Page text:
Friend, when you come home from work not wanting to serve your family, when you despise that customer who isn’t valuing your time, when you want to blow up at your roommate for not cleaning (again), and when you hate everything that’s interrupting your peace and quite -- in times like these, you need the double cure. You are obligated, but you aren’t eager. In short, you are in the flesh. Gaze of the lavishness of the gospel, the brilliance of God’s patience and justice, and fantasize on the kind of God who would go to such lengths to serve you. Soak it in, and experience the double cure that catapults you out of the flesh and into the Spirit. Only then will you be eager to serve like Jesus and find incredible satisfaction in it!

Posted by Matt Norman with

Soured Plotlines

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Four months of sub-human treatment in the enemy’s camp, and Bobby can’t believe his eyes. Hope forsook him long ago, and yet he’s now staring at his rescue in disbelief. The group of five infiltrated the camp, and they now stand ready to end his stint as a prisoner of war. An hour later, as they make their way out undiscovered, Bobby finally asks the Jed, the group’s leader, where they’re going. After some time with an absent look on his face, Jed admits, “I have no idea. I haven’t thought about it.”

Well, that was lame. Do I win “worst plot of the year” award? Probably. But I bet you’ve actually done this. I know I have. And we’re bound to do it again and again if we don’t ground our lives in firm goal of being infatuated with God ourselves.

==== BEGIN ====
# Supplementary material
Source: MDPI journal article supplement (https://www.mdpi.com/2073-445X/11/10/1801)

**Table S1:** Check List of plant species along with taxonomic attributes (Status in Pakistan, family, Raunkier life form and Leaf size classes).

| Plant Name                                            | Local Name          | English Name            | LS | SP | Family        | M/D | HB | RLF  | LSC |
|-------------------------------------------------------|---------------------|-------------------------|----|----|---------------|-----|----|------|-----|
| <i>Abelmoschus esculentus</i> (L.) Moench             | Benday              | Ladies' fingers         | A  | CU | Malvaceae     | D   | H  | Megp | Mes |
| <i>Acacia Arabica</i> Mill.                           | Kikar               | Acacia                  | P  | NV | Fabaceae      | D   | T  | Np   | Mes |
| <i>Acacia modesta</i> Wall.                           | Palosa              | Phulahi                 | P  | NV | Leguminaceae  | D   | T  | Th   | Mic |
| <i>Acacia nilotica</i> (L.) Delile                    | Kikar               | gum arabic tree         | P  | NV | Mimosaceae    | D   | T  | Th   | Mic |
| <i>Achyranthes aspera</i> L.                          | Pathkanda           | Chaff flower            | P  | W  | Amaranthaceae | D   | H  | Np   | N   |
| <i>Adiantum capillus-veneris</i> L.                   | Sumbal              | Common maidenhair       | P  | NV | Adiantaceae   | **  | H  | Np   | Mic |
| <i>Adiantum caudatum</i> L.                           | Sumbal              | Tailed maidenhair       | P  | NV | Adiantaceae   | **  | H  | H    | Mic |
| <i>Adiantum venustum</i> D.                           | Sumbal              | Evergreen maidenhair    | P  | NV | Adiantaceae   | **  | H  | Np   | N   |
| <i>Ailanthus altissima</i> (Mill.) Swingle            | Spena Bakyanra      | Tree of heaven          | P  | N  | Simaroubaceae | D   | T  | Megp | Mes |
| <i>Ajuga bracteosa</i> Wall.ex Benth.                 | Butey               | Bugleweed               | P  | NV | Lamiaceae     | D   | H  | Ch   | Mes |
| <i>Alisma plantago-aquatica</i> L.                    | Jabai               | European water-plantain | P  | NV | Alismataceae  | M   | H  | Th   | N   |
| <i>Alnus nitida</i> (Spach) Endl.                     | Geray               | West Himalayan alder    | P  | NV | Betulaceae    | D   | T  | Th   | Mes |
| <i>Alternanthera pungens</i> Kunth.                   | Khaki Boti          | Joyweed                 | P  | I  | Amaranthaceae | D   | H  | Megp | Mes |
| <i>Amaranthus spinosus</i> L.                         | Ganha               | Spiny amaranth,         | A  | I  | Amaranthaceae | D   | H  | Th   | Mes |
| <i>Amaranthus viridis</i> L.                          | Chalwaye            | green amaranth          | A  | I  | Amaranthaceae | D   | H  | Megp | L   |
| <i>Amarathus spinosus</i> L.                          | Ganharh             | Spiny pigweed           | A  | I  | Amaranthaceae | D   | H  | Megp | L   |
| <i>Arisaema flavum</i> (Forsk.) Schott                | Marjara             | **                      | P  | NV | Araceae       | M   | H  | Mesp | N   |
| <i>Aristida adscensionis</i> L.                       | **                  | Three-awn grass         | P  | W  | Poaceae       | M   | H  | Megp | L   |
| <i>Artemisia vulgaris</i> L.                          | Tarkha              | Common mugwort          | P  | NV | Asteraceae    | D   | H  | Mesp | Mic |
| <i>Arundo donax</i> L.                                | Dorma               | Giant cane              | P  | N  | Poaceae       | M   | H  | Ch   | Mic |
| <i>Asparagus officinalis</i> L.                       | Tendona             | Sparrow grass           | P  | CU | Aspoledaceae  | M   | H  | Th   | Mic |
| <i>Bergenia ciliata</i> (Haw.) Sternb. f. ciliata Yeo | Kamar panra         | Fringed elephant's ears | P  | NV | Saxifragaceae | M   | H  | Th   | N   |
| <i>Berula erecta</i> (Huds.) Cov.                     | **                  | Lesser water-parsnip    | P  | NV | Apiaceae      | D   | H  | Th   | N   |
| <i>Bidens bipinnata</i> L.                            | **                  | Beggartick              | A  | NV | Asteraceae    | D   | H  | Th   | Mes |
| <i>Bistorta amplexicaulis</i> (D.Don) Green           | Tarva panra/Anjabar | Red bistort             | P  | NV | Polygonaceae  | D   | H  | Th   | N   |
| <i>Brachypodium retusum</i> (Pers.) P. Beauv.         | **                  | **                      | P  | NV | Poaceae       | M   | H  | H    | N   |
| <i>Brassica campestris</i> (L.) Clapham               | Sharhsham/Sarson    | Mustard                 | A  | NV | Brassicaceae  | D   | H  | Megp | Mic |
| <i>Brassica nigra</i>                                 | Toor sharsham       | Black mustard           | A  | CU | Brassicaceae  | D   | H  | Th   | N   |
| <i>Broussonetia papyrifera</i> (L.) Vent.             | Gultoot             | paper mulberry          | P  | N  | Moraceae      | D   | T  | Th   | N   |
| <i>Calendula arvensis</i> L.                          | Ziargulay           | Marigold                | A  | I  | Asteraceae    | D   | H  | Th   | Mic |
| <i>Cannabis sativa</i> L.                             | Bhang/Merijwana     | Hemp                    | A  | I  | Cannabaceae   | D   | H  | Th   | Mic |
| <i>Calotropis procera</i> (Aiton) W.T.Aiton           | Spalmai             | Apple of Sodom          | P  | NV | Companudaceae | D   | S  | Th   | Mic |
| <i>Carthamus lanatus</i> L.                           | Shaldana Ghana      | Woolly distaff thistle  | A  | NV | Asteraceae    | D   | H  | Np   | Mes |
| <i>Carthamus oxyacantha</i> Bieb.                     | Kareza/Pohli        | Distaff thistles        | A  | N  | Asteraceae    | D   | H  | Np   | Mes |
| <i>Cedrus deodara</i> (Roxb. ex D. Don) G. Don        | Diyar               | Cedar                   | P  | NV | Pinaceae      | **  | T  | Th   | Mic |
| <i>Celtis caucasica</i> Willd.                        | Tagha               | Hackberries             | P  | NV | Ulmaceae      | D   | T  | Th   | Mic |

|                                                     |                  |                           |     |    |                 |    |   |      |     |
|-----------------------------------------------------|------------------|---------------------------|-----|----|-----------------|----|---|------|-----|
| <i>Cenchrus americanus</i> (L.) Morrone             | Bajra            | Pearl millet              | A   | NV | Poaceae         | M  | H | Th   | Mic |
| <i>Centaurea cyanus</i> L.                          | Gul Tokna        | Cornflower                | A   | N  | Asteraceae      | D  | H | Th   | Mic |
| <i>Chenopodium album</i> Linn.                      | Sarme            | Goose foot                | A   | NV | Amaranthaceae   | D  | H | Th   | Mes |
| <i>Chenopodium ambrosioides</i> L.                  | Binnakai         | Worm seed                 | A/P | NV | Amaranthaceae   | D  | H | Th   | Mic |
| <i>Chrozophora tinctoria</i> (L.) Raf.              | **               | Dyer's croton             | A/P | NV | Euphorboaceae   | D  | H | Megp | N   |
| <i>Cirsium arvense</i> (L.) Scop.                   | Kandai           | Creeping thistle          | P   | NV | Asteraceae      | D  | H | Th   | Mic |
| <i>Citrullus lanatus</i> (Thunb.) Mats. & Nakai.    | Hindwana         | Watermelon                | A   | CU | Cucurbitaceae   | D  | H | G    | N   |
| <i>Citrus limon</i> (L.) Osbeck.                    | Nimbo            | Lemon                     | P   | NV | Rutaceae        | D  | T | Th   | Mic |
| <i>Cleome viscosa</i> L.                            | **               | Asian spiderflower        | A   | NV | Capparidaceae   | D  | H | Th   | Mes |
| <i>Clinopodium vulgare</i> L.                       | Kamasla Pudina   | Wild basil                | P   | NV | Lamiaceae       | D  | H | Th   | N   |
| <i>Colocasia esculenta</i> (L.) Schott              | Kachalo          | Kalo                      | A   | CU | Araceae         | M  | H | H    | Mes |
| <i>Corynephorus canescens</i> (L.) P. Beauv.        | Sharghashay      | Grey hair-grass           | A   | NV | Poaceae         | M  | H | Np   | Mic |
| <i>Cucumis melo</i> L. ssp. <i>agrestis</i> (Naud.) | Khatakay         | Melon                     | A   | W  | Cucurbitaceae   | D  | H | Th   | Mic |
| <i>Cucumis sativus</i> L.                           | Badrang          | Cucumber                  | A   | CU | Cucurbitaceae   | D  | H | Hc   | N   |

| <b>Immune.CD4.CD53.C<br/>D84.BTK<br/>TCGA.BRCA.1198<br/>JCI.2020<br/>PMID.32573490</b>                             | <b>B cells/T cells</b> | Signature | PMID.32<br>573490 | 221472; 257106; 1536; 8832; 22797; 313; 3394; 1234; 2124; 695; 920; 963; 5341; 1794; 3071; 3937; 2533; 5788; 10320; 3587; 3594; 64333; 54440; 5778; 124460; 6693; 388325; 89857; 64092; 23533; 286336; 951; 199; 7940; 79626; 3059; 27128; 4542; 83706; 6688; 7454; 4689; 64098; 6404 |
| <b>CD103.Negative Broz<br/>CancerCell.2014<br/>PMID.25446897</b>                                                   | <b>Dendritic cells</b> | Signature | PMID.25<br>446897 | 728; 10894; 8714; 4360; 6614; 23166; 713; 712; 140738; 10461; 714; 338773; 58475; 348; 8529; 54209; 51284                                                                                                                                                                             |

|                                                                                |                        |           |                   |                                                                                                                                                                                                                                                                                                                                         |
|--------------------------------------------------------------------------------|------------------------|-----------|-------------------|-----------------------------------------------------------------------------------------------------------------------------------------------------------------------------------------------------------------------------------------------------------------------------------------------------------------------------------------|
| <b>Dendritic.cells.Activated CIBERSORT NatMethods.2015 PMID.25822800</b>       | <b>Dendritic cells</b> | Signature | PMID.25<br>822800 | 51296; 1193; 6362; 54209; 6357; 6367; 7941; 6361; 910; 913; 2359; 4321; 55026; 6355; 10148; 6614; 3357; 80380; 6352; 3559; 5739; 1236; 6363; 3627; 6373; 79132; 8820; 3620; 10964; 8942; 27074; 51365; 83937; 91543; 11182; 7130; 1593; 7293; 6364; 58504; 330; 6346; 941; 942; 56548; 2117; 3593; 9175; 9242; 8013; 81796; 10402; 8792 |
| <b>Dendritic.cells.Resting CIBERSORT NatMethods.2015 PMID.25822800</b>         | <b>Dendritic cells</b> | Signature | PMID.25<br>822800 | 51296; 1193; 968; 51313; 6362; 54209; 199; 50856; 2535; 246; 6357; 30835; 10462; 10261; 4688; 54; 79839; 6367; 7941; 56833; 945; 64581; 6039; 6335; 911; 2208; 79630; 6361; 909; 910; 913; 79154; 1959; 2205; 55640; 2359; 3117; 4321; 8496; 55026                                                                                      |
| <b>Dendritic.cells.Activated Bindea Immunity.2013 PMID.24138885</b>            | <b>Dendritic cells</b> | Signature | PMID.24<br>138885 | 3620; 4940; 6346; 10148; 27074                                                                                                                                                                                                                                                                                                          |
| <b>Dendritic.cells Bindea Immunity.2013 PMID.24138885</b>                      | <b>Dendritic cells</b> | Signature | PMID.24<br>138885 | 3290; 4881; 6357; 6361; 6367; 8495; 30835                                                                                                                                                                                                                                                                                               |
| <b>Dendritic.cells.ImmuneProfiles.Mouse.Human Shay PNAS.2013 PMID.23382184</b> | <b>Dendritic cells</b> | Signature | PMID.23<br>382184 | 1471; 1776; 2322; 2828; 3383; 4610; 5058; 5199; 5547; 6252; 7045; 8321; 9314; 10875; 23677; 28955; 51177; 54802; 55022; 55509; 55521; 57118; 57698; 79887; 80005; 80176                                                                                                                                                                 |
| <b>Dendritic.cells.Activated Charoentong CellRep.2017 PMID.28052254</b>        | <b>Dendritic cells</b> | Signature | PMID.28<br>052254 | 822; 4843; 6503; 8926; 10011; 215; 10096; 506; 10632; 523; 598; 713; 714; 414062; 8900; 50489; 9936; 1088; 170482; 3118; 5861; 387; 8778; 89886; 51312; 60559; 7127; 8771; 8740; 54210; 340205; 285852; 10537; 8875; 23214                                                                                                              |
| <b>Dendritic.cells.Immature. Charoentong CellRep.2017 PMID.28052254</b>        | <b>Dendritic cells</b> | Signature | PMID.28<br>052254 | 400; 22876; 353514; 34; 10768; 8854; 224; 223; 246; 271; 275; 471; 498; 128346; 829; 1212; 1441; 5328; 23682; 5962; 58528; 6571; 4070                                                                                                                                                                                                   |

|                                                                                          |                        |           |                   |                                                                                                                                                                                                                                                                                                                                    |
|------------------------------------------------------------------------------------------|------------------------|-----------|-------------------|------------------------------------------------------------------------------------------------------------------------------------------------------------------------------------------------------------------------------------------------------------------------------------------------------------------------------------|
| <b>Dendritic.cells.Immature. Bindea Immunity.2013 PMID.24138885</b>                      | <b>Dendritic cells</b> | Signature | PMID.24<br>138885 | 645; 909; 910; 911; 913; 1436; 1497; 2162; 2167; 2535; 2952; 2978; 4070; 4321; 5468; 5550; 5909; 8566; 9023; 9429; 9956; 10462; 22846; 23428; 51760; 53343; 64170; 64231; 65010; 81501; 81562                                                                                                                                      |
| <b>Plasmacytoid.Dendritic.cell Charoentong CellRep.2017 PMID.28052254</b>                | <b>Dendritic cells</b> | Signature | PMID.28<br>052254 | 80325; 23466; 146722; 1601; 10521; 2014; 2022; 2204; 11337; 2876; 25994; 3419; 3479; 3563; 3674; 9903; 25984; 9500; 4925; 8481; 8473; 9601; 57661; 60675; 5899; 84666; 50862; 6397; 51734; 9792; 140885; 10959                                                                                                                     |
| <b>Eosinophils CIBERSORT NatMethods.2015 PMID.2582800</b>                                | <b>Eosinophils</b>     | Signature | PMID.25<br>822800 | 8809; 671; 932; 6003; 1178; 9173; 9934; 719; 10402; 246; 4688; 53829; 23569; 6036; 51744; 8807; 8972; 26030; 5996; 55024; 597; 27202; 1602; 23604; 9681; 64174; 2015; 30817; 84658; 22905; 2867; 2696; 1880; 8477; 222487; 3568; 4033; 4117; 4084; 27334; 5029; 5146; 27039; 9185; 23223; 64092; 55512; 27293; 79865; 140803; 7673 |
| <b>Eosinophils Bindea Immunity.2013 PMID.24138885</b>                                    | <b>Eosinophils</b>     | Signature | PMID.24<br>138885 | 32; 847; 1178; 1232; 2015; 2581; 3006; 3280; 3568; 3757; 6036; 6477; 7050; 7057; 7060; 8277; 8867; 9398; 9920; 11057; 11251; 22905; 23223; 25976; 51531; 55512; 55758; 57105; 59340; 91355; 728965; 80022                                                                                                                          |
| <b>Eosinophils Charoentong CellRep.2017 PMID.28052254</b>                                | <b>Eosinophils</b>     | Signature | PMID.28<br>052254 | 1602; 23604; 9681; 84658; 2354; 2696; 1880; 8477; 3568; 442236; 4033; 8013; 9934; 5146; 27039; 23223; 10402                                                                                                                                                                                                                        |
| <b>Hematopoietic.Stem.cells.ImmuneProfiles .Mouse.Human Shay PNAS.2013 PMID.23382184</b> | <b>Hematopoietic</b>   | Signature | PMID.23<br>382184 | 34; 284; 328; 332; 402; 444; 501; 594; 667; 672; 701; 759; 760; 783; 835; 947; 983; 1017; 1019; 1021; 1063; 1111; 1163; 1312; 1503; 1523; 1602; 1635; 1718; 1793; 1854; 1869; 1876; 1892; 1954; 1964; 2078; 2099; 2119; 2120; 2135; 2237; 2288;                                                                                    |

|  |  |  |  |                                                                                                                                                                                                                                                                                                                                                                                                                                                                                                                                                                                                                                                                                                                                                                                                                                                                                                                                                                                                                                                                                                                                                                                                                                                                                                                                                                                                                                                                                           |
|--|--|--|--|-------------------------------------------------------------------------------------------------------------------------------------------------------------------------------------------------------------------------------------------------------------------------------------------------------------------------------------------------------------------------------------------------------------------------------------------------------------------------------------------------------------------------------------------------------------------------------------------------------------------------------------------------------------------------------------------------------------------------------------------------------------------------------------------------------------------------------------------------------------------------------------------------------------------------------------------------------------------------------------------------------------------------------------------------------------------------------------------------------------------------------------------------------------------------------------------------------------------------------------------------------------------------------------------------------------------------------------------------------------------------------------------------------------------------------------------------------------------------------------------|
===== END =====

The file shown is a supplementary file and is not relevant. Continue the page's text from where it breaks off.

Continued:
It wouldn’t make much sense to break into an enemy camp with no idea where you want to bring the imprisoned soldier. It makes about as much sense to move into your friend’s life to help them and yet have little idea where you want to take them. So, let’s ask: 

What do I ultimately want to happen when I give counsel?

There’s always the answer from the last post, “I want them to see God.” For sure, it’s a sound and biblical answer, but we need to be aware that, as people inherently suffering from multiple personalities (that is, flesh and Spirit), our goals are constantly shifting. “What do you want to happen?” isn't just a one-time, static question to settle with a doctrinal statement. It is an all-the-time, pliable narrative that we work through over and over with the Holy Spirit amid our ever-changing, messy lives.

In fact, I’m not sure we can truly want something for someone else that we haven’t already practiced wanting in daily life. For sure, I can meet my friend and think, “I want you to see God.” But if I’ve merely wanted to escape into television the day before that, then the idea of wanting anyone to see God is honestly more of and out-of-context intrusion than it is a genuine desire. My goals for other people answer to my everyday life. They also have the deciding say as to whether I’m truly helping my friends or souring their plot lines with indecision and unknown goals. Goals are what fundamentally separate biblical counseling from pop-psychology:

What do you want to happen?

The truth is that life changes, our desires change, and we change with them. So get into the habit of asking yourself often where you want to take friends when you meet with them. And realize that your lifestyle (obedience in faith or disobedience in unbelief) is the rudder that determines where you want to take them. If you want others to see God, you must want to see Him yourself, and you must be careful to make this a daily want.